Senate Mulls Changes in Jobs Act

Critics say program doesn't target those most in need of assistance. CONGRESS

TARGET your effort and money on the neediest. That's the majority view in Washington on the best way to deal with America's poor when the government's wallet is thin, as it is now.

Nowhere is this philosophy better illustrated than in the current revisions under way in America's key job-training law, the Job Training Partnership Act.

Now wending their way through Congress are broadly supported proposals that would target much more of the program's funds on adults and youths who face the greatest obstacles in getting and holding a job.

Typically these are people with little education, no work experience, and several personal problems. Frequently they exhibit little motivation to change.

Critics charge that heretofore the program too often aided people with the least need: those with considerable education and work experience who, they say, probably would have landed work on their own.

Since these kinds of unemployed require little assistance, such an approach provides impressive figures on numbers of people helped. But it does little to prevent development of a growing and frustrated underclass, ill-equipped to handle the increasingly technical tasks of today's and tomorrow's jobs.

The turnaround that's coming in the jobs program parallels last year's change in the United States welfare program. That was intended to begin to reduce the generational cycle of welfare dependency by making increasing numbers of welfare recipients enroll in education or job-training programs. Some of these programs are financed by the Job Training Partnership Act. The law's principal section gives state and local agencies $1.5 billion a year to retrain about 750,000 adults and youths.

At any one time only a small percentage of Americans on the welfare rolls have been there for a long time. But over time they consume a disproportionately high percentage of the welfare funds that American taxpayers finance, experts say.

Sometime in September the Senate is likely to vote to redirect the thrust of the job-training law, to target more money to the neediest unemployed, a heavy percentage of whom are minorities. The Senate Labor and Human Resources Committee on July 26 approved such a revamping. After approval by the full Senate, the measure would go to the House of Representatives.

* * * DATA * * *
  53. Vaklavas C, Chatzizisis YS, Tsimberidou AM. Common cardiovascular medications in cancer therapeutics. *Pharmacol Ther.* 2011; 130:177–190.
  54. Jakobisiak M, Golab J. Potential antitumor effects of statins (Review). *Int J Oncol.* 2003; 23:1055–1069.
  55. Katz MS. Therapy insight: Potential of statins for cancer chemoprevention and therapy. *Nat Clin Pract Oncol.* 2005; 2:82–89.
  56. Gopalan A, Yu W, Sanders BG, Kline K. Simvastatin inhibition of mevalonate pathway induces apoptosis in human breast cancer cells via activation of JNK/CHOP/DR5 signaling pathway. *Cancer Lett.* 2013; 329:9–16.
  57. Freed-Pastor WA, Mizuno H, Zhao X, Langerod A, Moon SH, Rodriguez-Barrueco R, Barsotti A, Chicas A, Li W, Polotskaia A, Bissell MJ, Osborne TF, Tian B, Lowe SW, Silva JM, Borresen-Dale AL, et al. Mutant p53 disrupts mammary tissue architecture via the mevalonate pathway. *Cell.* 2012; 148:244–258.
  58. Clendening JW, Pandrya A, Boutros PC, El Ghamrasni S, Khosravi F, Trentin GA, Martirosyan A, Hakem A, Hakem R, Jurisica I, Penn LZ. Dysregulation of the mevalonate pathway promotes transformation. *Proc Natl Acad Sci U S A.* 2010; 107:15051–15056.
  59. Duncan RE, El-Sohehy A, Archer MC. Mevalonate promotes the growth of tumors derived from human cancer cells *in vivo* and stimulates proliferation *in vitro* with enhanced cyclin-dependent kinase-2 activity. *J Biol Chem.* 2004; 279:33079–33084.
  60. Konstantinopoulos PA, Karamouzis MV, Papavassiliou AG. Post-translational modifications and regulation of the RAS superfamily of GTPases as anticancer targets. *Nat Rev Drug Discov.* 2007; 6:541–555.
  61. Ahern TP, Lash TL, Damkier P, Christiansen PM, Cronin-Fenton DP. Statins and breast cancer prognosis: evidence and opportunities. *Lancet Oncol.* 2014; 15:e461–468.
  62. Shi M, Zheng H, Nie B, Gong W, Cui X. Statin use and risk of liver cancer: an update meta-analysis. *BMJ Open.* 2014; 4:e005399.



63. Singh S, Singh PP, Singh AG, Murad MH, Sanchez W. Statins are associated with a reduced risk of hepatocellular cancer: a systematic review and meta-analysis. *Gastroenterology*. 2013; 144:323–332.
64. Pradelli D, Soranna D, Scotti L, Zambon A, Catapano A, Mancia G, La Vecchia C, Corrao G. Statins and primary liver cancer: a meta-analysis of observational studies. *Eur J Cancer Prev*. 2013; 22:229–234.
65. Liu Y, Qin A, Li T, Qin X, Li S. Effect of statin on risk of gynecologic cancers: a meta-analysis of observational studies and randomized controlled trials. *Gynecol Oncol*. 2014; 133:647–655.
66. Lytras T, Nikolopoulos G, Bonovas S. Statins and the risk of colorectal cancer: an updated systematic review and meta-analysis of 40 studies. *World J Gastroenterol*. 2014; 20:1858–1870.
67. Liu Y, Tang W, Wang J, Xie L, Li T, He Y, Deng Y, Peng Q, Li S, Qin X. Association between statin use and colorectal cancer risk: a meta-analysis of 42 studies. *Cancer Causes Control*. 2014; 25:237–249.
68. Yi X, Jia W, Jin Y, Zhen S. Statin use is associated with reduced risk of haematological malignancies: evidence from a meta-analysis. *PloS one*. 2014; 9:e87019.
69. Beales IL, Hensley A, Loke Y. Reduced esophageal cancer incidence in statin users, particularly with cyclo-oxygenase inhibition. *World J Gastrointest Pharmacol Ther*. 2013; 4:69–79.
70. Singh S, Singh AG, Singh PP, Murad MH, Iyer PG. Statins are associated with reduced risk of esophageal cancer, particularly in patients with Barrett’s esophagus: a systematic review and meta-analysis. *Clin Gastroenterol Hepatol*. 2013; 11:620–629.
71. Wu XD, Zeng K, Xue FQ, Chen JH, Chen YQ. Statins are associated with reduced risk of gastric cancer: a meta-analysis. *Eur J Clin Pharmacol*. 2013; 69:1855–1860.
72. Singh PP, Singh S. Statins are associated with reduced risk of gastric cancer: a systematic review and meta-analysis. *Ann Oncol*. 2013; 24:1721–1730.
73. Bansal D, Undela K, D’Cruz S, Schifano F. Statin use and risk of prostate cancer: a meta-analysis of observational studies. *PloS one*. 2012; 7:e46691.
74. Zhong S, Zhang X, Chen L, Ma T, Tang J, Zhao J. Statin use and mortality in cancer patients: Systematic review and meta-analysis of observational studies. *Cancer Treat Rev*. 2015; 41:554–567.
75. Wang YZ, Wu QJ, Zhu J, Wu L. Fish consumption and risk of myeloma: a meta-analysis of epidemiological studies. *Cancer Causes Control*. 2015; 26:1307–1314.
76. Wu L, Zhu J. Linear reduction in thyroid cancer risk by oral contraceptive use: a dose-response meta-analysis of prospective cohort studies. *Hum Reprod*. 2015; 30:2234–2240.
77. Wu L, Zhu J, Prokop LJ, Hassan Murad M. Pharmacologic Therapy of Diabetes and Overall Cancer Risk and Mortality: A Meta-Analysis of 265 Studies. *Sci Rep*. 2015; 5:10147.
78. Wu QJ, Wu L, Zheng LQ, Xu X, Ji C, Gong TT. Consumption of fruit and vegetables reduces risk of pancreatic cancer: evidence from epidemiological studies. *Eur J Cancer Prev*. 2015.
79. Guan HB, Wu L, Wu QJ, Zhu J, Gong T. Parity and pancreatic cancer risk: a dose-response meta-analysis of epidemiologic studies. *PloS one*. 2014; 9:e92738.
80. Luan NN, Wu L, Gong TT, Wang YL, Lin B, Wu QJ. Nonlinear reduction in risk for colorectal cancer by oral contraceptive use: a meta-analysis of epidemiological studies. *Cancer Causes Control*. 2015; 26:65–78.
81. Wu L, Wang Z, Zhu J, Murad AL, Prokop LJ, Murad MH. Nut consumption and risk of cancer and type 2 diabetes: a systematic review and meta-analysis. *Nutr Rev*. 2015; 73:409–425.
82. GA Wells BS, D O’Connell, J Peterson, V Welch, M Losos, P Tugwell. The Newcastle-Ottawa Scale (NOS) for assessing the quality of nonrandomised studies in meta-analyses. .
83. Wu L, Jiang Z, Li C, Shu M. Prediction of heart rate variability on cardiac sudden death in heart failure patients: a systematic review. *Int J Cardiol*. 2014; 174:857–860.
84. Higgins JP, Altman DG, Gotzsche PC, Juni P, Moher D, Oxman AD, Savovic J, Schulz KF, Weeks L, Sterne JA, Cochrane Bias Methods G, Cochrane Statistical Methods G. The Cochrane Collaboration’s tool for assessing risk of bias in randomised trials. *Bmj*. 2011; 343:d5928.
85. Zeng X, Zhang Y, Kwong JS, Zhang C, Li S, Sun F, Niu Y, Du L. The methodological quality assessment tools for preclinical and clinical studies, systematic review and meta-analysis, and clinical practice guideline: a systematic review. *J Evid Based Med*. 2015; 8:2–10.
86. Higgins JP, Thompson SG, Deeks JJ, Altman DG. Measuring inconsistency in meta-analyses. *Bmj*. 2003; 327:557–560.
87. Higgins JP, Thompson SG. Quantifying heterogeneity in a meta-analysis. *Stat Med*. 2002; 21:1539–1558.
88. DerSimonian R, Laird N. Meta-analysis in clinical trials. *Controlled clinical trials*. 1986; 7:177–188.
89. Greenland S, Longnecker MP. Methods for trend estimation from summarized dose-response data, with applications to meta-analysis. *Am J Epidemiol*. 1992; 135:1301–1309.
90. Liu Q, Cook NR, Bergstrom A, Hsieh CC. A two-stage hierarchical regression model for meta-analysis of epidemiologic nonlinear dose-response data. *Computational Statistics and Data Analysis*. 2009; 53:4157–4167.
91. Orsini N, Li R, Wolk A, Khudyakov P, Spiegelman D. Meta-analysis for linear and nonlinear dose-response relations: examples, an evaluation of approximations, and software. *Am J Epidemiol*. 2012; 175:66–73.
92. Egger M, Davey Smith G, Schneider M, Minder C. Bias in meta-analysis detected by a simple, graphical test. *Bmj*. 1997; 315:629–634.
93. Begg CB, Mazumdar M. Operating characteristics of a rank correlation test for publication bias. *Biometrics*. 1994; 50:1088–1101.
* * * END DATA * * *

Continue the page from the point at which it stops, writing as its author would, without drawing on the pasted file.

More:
Proponents of the changes say that what ultimately is at stake is America's economic place in the world, as well as dealing with street crime, drug use, and the personal happiness of the unemployed. They claim that early in the next century minorities are expected to make up almost half of America's labor force.

When the original law was passed in 1982, the US was in a recession. Defenders of the current law point out that a major intent was to help people who had lost jobs to equip themselves to find others.

But times have changed, critics of the law say. The US is in a long-running period of prosperity, but many of the poor fail to share in it. They have no jobs and little prospect of gaining any because of a lack of education and job skills.

The existing law has been roundly criticized from several sides - Congress, the General Accounting Office, and the inspector general of the Labor Department, which administers the law.

The basic thrust of the criticisms is that under the law, agencies that train the unemployed are providing too little training to those in the greatest need, and are not focusing on the long-term unemployed.

Several critics further charge that these agencies are producing impressive graduation and job-retention statistics by spending too much time and effort helping people who don't really need it - and ignoring those in great need.

Worse, say Sen. Paul Simon (D) of Illinois and others, unless there is change the problem will worsen, especially among minorities, because the complex tasks in American jobs will become even more complicated.

More education will be required for a good job in the future. After World War II, people with only a fourth-grade education could make an adequate living for themselves and their families, notes Senator Simon, a chief proponent of changing the law. Today some high school education is required. Some estimate that by the end of the century at least one year of college will be necessary.

At the same time the dropout rate is rising to above 50 percent in inner cities, especially among blacks and Hispanics. Simon notes that three-fourths of the unemployed are believed to be functionally illiterate. These are the people on whom the program should concentrate, critics believe. The program will target this sector of society if the changes pass Congress and are signed by the President.

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